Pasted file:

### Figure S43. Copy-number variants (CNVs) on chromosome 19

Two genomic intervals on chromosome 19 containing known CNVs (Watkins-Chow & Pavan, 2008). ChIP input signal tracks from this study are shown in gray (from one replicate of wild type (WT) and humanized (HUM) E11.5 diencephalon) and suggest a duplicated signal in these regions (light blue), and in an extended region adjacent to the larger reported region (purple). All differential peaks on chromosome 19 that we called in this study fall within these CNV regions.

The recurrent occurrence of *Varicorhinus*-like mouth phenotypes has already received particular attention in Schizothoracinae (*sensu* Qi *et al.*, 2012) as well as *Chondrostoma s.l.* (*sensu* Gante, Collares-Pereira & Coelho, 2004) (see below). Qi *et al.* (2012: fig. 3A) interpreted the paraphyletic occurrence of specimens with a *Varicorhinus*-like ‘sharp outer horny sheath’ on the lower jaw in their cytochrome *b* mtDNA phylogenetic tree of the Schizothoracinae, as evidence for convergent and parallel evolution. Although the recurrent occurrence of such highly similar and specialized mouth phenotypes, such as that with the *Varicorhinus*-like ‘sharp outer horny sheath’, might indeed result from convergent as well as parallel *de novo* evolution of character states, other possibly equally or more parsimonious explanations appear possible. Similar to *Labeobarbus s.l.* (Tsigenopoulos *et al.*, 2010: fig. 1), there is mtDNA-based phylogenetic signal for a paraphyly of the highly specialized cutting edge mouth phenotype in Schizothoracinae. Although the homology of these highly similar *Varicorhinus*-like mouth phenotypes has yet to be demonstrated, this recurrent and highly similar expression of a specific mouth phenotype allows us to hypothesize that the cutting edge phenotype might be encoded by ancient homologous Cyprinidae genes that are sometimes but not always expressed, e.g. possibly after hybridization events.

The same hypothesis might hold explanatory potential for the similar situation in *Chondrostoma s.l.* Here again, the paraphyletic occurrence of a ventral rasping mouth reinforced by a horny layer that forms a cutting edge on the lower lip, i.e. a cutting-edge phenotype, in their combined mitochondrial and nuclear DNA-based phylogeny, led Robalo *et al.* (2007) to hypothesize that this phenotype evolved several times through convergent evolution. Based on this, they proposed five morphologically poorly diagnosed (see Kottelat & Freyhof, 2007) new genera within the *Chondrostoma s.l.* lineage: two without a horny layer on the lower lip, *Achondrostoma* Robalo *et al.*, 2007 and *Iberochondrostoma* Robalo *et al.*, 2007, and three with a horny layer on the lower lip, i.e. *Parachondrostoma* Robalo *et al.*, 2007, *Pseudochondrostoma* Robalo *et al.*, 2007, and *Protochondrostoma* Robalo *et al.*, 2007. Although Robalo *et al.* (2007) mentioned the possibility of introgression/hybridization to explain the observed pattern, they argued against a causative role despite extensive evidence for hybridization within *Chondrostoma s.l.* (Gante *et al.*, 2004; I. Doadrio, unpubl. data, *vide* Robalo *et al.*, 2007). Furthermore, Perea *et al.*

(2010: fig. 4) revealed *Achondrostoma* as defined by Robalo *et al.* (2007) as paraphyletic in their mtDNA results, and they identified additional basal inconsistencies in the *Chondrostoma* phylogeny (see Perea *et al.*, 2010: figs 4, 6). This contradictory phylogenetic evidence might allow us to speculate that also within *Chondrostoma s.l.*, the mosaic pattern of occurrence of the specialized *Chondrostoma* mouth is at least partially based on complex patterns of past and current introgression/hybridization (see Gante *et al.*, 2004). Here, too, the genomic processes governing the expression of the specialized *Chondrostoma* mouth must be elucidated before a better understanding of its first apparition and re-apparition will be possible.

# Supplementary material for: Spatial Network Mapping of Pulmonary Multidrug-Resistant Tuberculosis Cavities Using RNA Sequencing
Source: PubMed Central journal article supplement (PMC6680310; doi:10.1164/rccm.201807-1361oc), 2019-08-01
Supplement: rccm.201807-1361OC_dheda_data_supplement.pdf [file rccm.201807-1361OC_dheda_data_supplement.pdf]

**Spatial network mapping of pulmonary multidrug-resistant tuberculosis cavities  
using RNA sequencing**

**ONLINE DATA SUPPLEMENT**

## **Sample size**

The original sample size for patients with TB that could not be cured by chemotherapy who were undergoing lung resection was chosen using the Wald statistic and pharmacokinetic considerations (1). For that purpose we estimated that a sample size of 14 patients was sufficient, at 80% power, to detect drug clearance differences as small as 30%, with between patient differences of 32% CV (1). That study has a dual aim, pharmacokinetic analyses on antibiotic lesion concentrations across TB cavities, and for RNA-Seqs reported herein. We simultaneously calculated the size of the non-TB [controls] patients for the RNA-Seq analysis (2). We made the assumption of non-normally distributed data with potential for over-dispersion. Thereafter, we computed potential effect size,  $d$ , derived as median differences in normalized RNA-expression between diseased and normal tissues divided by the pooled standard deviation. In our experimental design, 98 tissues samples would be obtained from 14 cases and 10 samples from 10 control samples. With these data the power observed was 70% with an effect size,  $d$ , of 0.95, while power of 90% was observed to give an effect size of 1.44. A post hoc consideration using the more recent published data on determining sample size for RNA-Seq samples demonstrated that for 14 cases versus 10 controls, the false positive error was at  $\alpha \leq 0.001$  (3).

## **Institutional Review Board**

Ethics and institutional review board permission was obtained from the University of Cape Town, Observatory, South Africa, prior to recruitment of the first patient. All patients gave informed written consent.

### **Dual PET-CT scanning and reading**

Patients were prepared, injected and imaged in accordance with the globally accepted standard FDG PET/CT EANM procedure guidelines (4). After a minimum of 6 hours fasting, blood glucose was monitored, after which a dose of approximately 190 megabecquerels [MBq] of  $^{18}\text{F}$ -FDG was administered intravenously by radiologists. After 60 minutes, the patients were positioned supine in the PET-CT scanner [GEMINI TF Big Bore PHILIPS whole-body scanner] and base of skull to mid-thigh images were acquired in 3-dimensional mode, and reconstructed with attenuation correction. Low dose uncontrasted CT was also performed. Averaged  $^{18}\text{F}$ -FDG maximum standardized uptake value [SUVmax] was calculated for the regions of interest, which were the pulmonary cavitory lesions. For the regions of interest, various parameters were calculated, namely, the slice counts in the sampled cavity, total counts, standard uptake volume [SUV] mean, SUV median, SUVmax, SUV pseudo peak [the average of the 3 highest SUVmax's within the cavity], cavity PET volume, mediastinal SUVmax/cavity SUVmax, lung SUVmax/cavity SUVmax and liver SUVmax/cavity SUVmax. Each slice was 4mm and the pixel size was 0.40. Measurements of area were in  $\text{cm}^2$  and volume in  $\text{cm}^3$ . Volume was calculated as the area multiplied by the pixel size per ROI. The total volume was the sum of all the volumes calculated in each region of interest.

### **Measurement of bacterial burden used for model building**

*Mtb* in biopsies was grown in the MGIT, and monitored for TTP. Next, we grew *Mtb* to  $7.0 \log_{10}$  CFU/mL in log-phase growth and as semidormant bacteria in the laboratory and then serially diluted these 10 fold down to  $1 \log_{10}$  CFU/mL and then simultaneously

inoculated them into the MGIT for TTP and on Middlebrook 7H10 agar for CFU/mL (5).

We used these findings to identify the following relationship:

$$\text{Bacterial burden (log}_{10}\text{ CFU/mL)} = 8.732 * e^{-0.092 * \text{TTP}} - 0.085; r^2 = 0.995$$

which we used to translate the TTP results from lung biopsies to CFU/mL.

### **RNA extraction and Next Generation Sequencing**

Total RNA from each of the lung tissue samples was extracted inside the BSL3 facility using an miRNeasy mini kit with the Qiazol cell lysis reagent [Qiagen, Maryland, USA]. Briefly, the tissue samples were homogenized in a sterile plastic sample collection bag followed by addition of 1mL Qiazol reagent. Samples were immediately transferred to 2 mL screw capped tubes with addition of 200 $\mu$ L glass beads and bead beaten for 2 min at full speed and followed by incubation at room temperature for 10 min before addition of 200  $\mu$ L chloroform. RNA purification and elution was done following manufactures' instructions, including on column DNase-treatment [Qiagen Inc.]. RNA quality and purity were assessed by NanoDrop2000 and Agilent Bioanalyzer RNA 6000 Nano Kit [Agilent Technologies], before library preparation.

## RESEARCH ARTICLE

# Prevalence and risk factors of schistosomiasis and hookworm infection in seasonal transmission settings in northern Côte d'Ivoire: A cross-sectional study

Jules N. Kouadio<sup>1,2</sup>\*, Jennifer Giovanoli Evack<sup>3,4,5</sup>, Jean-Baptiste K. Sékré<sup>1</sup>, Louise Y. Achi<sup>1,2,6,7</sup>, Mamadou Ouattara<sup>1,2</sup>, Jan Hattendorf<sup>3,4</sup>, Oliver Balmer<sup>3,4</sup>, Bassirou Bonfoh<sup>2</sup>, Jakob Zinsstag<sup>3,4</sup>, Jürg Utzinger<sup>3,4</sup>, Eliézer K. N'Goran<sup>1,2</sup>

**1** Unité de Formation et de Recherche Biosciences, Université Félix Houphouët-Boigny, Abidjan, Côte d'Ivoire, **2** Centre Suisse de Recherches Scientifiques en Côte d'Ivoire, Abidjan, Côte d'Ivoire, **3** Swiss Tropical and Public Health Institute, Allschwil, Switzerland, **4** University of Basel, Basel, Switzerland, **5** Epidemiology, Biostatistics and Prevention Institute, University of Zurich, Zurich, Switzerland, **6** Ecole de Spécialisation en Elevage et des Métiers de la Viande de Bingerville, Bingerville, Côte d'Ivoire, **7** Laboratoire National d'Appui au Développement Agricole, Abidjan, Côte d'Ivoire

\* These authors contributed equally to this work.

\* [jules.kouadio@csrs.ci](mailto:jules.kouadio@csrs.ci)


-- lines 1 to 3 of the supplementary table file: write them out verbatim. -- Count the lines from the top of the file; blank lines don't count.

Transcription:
### Figure S43. Copy-number variants (CNVs) on chromosome 19

Two genomic intervals on chromosome 19 containing known CNVs (Watkins-Chow & Pavan, 2008). ChIP input signal tracks from this study are shown in gray (from one replicate of wild type (WT) and humanized (HUM) E11.5 diencephalon) and suggest a duplicated signal in these regions (light blue), and in an extended region adjacent to the larger reported region (purple). All differential peaks on chromosome 19 that we called in this study fall within these CNV regions.

The recurrent occurrence of *Varicorhinus*-like mouth phenotypes has already received particular attention in Schizothoracinae (*sensu* Qi *et al.*, 2012) as well as *Chondrostoma s.l.* (*sensu* Gante, Collares-Pereira & Coelho, 2004) (see below). Qi *et al.* (2012: fig. 3A) interpreted the paraphyletic occurrence of specimens with a *Varicorhinus*-like ‘sharp outer horny sheath’ on the lower jaw in their cytochrome *b* mtDNA phylogenetic tree of the Schizothoracinae, as evidence for convergent and parallel evolution. Although the recurrent occurrence of such highly similar and specialized mouth phenotypes, such as that with the *Varicorhinus*-like ‘sharp outer horny sheath’, might indeed result from convergent as well as parallel *de novo* evolution of character states, other possibly equally or more parsimonious explanations appear possible. Similar to *Labeobarbus s.l.* (Tsigenopoulos *et al.*, 2010: fig. 1), there is mtDNA-based phylogenetic signal for a paraphyly of the highly specialized cutting edge mouth phenotype in Schizothoracinae. Although the homology of these highly similar *Varicorhinus*-like mouth phenotypes has yet to be demonstrated, this recurrent and highly similar expression of a specific mouth phenotype allows us to hypothesize that the cutting edge phenotype might be encoded by ancient homologous Cyprinidae genes that are sometimes but not always expressed, e.g. possibly after hybridization events.